A resident in Lower Meadow rings me up about the request for a dropped kerb he made last month, to help him use his disabled buggy. Fortunately I'd chased that up with the council a few days ago, so I could tell him the latest state of play (which is that finally the council's multifarious departments seem to have agreed which one of them is responsible). I print out the council officer's email, and put it in my brought forward file for a week's time, so I can check that the housing department has been given the costings and things are on course.
The report of rubbish in garages at Risdens that I made on 10 February has been dealt with, so I move that file out of my Pending folder and file it away.
I write to the constituent who contacted me about the services for patients withdrawing from use of benzodiazepines, updating her on what I've found out so far; and to the Primary Care Trust too, asking their views on the current state of service provision to these patients.
The pile of paper shows a satisfying reduction in size by the time I've finished these and a host of similar tasks; a lot of loose ends tied up and matters resolved.
One moment of light relief deserves to be shared, however. A colleague emails me a link to a web page that has me falling off my chair with laughter. The flurry yesterday about the Tory candidate in Dorset faking his election picture has given rise to an online competition - if the Tory candidate could fake this photo, you can too; how would you do it better? Take a bow, James Smith.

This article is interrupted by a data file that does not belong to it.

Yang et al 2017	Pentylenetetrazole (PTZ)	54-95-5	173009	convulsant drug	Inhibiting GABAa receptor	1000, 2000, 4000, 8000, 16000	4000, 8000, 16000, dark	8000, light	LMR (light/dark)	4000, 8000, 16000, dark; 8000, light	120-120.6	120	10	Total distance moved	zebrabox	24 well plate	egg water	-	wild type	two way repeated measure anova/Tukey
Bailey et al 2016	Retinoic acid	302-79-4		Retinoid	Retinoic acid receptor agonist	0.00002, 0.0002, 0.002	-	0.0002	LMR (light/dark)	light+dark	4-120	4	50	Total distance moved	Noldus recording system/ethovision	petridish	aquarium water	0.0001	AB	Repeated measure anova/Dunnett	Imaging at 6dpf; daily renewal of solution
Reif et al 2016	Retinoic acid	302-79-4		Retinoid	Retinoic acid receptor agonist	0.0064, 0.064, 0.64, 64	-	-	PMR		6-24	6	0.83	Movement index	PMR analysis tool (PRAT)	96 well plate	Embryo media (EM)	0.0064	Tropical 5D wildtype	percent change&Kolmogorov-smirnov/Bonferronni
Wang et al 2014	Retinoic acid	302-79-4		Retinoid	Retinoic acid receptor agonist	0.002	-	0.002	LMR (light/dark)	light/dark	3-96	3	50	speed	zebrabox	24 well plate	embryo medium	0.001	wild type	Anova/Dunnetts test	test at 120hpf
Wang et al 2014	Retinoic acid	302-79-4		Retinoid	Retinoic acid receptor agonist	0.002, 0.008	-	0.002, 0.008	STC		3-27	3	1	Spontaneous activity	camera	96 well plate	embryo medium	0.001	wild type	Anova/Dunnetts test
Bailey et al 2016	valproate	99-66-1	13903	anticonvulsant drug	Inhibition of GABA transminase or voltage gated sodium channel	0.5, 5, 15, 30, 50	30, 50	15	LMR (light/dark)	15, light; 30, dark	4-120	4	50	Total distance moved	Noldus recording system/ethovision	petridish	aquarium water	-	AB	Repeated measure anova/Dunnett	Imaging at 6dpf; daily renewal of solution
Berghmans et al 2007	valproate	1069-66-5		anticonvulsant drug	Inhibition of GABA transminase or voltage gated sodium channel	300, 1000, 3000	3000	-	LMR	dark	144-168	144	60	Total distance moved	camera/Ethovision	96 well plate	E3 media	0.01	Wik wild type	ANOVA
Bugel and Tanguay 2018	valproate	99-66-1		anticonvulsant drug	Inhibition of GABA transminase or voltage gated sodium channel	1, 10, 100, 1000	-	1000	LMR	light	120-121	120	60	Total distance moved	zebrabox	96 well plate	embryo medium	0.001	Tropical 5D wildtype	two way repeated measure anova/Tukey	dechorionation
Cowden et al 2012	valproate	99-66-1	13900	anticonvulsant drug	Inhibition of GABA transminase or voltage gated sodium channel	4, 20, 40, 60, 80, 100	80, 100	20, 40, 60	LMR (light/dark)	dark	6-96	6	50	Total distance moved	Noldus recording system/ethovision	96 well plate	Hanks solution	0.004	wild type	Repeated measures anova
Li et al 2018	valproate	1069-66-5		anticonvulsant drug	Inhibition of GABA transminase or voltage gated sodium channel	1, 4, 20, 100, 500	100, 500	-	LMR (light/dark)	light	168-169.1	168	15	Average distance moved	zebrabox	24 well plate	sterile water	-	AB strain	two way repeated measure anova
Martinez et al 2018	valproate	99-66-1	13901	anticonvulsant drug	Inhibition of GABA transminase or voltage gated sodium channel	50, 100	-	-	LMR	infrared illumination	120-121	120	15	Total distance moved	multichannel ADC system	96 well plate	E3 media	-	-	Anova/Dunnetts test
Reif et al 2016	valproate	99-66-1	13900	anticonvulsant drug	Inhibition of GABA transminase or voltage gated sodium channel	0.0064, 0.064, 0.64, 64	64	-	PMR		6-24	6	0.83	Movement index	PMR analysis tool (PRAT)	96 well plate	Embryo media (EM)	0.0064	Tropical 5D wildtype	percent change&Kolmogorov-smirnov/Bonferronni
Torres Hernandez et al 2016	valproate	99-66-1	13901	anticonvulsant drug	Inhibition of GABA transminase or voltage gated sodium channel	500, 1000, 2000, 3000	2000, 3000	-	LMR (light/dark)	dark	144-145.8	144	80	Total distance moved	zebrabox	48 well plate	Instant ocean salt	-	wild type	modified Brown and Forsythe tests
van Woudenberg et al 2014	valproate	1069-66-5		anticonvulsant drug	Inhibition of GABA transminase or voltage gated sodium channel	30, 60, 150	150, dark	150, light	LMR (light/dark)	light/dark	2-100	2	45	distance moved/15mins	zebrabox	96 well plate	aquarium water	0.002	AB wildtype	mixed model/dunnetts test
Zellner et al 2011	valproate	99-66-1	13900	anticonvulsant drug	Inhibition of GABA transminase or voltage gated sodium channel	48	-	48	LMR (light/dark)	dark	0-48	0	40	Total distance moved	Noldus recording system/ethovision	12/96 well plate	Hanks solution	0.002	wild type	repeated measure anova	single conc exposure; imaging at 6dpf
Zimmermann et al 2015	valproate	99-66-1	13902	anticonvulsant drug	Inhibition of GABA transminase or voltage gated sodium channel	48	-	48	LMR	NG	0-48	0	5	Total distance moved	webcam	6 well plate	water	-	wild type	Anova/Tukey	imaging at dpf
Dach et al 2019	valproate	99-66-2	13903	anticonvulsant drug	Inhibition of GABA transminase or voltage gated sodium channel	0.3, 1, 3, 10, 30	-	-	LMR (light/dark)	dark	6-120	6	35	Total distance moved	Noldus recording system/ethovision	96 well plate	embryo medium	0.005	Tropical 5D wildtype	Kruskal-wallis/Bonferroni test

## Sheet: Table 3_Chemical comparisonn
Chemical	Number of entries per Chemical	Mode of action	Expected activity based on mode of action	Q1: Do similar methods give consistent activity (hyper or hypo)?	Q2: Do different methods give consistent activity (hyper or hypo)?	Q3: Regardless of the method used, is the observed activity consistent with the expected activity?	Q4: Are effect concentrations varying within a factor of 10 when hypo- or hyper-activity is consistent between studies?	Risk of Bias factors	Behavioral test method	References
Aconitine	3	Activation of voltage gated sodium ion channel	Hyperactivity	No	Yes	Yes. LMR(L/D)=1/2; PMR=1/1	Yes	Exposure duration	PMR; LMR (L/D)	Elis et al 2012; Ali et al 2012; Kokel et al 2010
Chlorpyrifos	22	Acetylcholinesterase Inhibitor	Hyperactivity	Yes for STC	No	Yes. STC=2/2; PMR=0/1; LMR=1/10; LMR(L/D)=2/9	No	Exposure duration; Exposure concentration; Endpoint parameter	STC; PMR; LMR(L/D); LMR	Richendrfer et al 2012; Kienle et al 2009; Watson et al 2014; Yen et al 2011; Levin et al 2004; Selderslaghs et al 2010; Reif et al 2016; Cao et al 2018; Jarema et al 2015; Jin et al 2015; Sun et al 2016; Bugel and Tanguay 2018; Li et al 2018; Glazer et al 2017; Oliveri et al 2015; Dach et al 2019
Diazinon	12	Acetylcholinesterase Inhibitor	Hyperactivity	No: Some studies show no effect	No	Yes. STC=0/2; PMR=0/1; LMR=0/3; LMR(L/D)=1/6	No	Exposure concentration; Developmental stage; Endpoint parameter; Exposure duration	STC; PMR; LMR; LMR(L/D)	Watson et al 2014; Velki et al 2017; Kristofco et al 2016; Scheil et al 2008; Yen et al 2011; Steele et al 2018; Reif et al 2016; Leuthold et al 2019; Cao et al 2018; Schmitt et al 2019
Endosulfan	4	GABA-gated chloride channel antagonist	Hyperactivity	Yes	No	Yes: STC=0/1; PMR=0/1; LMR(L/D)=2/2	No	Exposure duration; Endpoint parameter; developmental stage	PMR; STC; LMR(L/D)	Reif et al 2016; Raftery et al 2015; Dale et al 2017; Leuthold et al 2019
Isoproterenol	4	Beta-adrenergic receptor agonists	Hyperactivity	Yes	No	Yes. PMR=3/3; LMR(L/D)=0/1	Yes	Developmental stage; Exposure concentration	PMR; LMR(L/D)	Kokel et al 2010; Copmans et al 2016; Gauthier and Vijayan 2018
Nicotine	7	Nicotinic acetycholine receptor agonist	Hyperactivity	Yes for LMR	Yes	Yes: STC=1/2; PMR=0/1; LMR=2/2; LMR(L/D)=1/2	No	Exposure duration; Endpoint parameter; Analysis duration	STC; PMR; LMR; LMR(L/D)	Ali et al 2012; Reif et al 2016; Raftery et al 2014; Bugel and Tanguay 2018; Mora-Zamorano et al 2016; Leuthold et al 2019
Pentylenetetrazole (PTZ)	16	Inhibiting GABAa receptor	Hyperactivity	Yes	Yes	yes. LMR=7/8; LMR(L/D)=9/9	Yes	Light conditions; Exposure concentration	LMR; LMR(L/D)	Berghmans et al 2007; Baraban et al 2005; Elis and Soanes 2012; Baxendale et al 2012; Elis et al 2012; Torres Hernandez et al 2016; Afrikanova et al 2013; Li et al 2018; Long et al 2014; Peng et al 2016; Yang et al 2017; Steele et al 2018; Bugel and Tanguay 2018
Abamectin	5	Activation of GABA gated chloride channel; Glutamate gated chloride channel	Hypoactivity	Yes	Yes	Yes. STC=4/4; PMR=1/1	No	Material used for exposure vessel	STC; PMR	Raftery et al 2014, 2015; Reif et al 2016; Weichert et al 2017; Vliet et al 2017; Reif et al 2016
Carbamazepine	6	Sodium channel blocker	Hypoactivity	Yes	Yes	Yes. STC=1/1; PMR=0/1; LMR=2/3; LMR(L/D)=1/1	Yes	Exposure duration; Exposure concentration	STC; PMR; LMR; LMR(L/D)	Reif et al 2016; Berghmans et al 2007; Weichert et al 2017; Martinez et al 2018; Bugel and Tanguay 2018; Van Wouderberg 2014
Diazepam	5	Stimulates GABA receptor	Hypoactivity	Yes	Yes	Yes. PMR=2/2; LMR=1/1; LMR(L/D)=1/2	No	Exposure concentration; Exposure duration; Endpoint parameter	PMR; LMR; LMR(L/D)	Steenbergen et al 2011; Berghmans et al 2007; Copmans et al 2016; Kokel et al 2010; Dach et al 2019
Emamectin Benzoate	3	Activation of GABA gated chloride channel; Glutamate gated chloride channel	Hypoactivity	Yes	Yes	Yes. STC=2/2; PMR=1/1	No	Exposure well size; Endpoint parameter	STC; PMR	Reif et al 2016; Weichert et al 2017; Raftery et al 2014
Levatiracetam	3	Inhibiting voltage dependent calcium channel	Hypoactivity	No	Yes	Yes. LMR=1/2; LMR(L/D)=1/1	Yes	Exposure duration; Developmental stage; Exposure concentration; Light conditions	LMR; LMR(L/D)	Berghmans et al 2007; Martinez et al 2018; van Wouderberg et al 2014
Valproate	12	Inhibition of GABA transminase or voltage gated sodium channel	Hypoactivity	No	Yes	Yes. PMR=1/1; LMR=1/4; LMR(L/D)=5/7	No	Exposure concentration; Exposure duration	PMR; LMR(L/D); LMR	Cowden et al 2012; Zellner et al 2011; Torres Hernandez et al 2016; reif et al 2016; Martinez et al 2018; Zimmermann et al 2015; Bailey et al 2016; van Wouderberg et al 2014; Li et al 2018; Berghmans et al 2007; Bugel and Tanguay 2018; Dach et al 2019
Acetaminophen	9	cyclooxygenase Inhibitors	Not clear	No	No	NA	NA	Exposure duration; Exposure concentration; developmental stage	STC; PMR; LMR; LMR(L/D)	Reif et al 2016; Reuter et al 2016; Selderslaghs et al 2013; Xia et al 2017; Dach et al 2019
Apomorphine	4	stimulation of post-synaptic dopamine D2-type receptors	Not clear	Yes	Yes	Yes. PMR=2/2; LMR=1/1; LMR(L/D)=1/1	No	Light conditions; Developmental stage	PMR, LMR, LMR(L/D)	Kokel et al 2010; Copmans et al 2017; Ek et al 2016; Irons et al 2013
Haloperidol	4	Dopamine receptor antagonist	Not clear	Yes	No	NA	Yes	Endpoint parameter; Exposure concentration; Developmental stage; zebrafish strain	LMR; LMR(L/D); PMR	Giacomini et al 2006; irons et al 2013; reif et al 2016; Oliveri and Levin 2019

Tuesday, April 12, 2005
The Harlow Star wants a photograph of me for its coverage of the election this week, so one of their photographers joins me as I deliver more copies of my Health Study in The Fortunes. The Tory candidate for Dorset South appears to have created something of a stir in today's news with his photograph of himself campaigning against (or was it for?) immigration. And of course the obvious news photo of the day is of Liberal Democrat leader Charles Kennedy and his wife Sarah leaving St Thomas' Hospital with their new baby boy - I must send off that congratulations card I picked up in Sainsbury's today.
Monday, April 11, 2005
When computers ruled the earth
Everything today has seemed totally dominated by computers. Georgina has bought a new laptop (well, strictly speaking she's got me to order it online, and she's paying me back), and it's supposed to be delivered before noon today. She's effervescing all morning, and when it doesn't arrive by twelve there's a crash of disappointment. But it turns out it's only the delivery firm being about twenty minutes late - so all's right with the world again.
Meanwhile, my struggles with IT throughout the day are more irritating. I've got to email the files to the printer for my Freepost leaflet today - the one the Royal Mail delivers free of charge for each candidate ('free' in that the political parties have to pay for the printing, but not the delivery). They're huge and take ages, even with broadband. Then the printer comes back and asks for a revision on one of the files, so that needs sorting out. Finally, an email arrives from one of my team with data I need to pass on to our regional office - but I can't extract the data, so he has to re-send it before I can forward it.